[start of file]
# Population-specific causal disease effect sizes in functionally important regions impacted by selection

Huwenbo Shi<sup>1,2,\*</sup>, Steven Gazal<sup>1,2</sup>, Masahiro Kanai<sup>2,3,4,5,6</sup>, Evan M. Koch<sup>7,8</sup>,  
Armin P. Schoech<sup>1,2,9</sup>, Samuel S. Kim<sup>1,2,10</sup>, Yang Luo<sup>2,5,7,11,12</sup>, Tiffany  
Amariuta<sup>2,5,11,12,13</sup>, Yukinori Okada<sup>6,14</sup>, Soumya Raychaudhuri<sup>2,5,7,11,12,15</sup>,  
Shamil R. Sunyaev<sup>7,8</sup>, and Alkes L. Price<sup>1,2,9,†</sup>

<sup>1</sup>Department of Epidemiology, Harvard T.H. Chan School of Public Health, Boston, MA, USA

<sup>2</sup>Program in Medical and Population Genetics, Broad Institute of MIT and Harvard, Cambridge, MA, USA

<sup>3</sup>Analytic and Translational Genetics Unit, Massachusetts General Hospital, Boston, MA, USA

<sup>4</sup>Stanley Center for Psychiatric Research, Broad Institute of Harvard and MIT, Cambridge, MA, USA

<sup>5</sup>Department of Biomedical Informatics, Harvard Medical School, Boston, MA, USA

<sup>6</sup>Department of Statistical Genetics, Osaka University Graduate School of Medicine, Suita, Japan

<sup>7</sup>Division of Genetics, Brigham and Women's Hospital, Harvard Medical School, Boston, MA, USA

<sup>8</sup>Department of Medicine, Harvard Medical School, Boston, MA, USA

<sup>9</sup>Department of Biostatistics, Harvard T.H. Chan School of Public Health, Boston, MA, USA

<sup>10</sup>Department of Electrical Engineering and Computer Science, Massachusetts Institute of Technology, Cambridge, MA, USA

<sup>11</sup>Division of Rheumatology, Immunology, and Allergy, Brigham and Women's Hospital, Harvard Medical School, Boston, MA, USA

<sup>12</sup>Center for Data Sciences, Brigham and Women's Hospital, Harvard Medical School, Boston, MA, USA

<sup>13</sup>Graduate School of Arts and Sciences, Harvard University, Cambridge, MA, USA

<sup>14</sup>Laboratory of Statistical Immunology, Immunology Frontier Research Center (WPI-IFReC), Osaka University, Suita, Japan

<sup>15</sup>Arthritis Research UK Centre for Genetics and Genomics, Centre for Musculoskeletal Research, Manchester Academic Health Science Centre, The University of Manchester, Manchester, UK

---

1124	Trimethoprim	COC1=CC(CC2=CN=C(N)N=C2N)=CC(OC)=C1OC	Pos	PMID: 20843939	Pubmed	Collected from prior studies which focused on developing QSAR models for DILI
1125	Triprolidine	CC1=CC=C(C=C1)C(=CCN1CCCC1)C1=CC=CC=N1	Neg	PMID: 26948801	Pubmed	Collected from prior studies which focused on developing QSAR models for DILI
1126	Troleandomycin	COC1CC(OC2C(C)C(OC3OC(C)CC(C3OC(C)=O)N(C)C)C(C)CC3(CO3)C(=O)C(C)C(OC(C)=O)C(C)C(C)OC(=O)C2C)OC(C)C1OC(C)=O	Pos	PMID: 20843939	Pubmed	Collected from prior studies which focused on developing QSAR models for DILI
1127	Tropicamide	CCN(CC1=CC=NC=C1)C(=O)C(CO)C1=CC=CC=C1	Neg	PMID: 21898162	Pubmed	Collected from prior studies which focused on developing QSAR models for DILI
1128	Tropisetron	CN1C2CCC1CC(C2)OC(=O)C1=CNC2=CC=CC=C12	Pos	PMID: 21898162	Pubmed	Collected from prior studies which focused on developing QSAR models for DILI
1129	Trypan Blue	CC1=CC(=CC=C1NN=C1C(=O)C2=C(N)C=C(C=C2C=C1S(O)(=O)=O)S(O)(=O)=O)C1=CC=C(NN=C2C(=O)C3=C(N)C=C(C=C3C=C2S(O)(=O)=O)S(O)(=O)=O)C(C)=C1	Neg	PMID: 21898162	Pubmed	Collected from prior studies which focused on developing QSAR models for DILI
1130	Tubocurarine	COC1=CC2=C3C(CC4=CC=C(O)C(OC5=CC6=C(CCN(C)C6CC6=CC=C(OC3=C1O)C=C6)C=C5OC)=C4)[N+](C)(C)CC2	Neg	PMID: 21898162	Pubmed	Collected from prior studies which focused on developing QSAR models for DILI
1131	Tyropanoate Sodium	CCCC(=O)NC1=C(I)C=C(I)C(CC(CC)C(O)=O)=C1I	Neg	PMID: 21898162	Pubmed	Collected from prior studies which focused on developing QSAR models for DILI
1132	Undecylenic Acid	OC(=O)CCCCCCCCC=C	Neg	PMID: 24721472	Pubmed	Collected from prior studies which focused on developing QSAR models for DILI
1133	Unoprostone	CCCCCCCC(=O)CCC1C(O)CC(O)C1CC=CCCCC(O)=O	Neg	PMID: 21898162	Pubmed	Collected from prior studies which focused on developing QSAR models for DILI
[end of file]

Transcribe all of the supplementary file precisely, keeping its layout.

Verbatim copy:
# Population-specific causal disease effect sizes in functionally important regions impacted by selection

Huwenbo Shi<sup>1,2,\*</sup>, Steven Gazal<sup>1,2</sup>, Masahiro Kanai<sup>2,3,4,5,6</sup>, Evan M. Koch<sup>7,8</sup>,  
Armin P. Schoech<sup>1,2,9</sup>, Samuel S. Kim<sup>1,2,10</sup>, Yang Luo<sup>2,5,7,11,12</sup>, Tiffany  
Amariuta<sup>2,5,11,12,13</sup>, Yukinori Okada<sup>6,14</sup>, Soumya Raychaudhuri<sup>2,5,7,11,12,15</sup>,  
Shamil R. Sunyaev<sup>7,8</sup>, and Alkes L. Price<sup>1,2,9,†</sup>

<sup>1</sup>Department of Epidemiology, Harvard T.H. Chan School of Public Health, Boston, MA, USA

<sup>2</sup>Program in Medical and Population Genetics, Broad Institute of MIT and Harvard, Cambridge, MA, USA

<sup>3</sup>Analytic and Translational Genetics Unit, Massachusetts General Hospital, Boston, MA, USA

<sup>4</sup>Stanley Center for Psychiatric Research, Broad Institute of Harvard and MIT, Cambridge, MA, USA

<sup>5</sup>Department of Biomedical Informatics, Harvard Medical School, Boston, MA, USA

<sup>6</sup>Department of Statistical Genetics, Osaka University Graduate School of Medicine, Suita, Japan

<sup>7</sup>Division of Genetics, Brigham and Women's Hospital, Harvard Medical School, Boston, MA, USA

<sup>8</sup>Department of Medicine, Harvard Medical School, Boston, MA, USA

<sup>9</sup>Department of Biostatistics, Harvard T.H. Chan School of Public Health, Boston, MA, USA

<sup>10</sup>Department of Electrical Engineering and Computer Science, Massachusetts Institute of Technology, Cambridge, MA, USA

<sup>11</sup>Division of Rheumatology, Immunology, and Allergy, Brigham and Women's Hospital, Harvard Medical School, Boston, MA, USA

<sup>12</sup>Center for Data Sciences, Brigham and Women's Hospital, Harvard Medical School, Boston, MA, USA

<sup>13</sup>Graduate School of Arts and Sciences, Harvard University, Cambridge, MA, USA

<sup>14</sup>Laboratory of Statistical Immunology, Immunology Frontier Research Center (WPI-IFReC), Osaka University, Suita, Japan

<sup>15</sup>Arthritis Research UK Centre for Genetics and Genomics, Centre for Musculoskeletal Research, Manchester Academic Health Science Centre, The University of Manchester, Manchester, UK

---

1124	Trimethoprim	COC1=CC(CC2=CN=C(N)N=C2N)=CC(OC)=C1OC	Pos	PMID: 20843939	Pubmed	Collected from prior studies which focused on developing QSAR models for DILI
1125	Triprolidine	CC1=CC=C(C=C1)C(=CCN1CCCC1)C1=CC=CC=N1	Neg	PMID: 26948801	Pubmed	Collected from prior studies which focused on developing QSAR models for DILI
1126	Troleandomycin	COC1CC(OC2C(C)C(OC3OC(C)CC(C3OC(C)=O)N(C)C)C(C)CC3(CO3)C(=O)C(C)C(OC(C)=O)C(C)C(C)OC(=O)C2C)OC(C)C1OC(C)=O	Pos	PMID: 20843939	Pubmed	Collected from prior studies which focused on developing QSAR models for DILI
1127	Tropicamide	CCN(CC1=CC=NC=C1)C(=O)C(CO)C1=CC=CC=C1	Neg	PMID: 21898162	Pubmed	Collected from prior studies which focused on developing QSAR models for DILI
1128	Tropisetron	CN1C2CCC1CC(C2)OC(=O)C1=CNC2=CC=CC=C12	Pos	PMID: 21898162	Pubmed	Collected from prior studies which focused on developing QSAR models for DILI
1129	Trypan Blue	CC1=CC(=CC=C1NN=C1C(=O)C2=C(N)C=C(C=C2C=C1S(O)(=O)=O)S(O)(=O)=O)C1=CC=C(NN=C2C(=O)C3=C(N)C=C(C=C3C=C2S(O)(=O)=O)S(O)(=O)=O)C(C)=C1	Neg	PMID: 21898162	Pubmed	Collected from prior studies which focused on developing QSAR models for DILI
1130	Tubocurarine	COC1=CC2=C3C(CC4=CC=C(O)C(OC5=CC6=C(CCN(C)C6CC6=CC=C(OC3=C1O)C=C6)C=C5OC)=C4)[N+](C)(C)CC2	Neg	PMID: 21898162	Pubmed	Collected from prior studies which focused on developing QSAR models for DILI
1131	Tyropanoate Sodium	CCCC(=O)NC1=C(I)C=C(I)C(CC(CC)C(O)=O)=C1I	Neg	PMID: 21898162	Pubmed	Collected from prior studies which focused on developing QSAR models for DILI
1132	Undecylenic Acid	OC(=O)CCCCCCCCC=C	Neg	PMID: 24721472	Pubmed	Collected from prior studies which focused on developing QSAR models for DILI
1133	Unoprostone	CCCCCCCC(=O)CCC1C(O)CC(O)C1CC=CCCCC(O)=O	Neg	PMID: 21898162	Pubmed	Collected from prior studies which focused on developing QSAR models for DILI